“I don’t know what’s going on. But I’m certainly disappointed,” Francis continued. “You know, we’ve lost thousands of positions over the years and there’s no money that I could find in my reading of the budget to restore those positions. Or if any are restored, part of [the funding] is being taken from other accounts. Robbing Peter to pay Paul.”

The budget, which almost certainly will get short shrift from appropriators in the House of Representatives where funding for the current fiscal year carries a $150 million cut for the Park Service, shifts money around in part to cover start-up “costs for parks recently added to the National Park System, like Emmett Till and Mamie Till-Mobley National Historic Site, Blackwell School National Historic Site, New Philadelphia National Historic Site, the Summerton Site expansion at Brown v. Board of Education National Historical Park, and Amache National Historic Site,” the Park Service noted in its own release on the president’s budget.

“This request speaks to the heart of what the National Park Service does every day, ensuring Americans and visitors from around the world are able to benefit from the resources we protect while working within the budget constraints we face today,” Park Service Director Chuck Sams said in that release. “The budget addresses critical challenges like supporting a strong workforce; strengthening climate resilience in parks and communities; sharing the complete story of America; and ensuring access to parks for generations to come.”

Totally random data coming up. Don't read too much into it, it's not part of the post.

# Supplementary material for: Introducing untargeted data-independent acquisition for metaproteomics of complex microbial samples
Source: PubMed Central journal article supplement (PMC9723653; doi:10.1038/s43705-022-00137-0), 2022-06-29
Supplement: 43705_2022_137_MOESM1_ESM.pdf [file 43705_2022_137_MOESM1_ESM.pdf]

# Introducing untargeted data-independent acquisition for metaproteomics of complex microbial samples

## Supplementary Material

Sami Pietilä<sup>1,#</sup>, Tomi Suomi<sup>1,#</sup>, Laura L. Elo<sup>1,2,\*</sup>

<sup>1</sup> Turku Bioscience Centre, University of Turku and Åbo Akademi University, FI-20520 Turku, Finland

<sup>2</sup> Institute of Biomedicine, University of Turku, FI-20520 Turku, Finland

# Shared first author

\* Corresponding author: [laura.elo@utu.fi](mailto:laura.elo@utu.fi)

That said, among the spending reductions called for in the request are:

  • $29 million in Historic Preservation Fund projects.
  • $25 million in repair and rehabilitation funding [addresses recapitalization, alteration, replacement, and divestiture activities needed to improve the condition of NPS assets. Repair and rehabilitation projects address complex repair needs that arise on an infrequent or non-recurring basis, halting or correcting deterioration where preventive maintenance is no longer sufficient to maintain the condition of the facility or infrastructure.]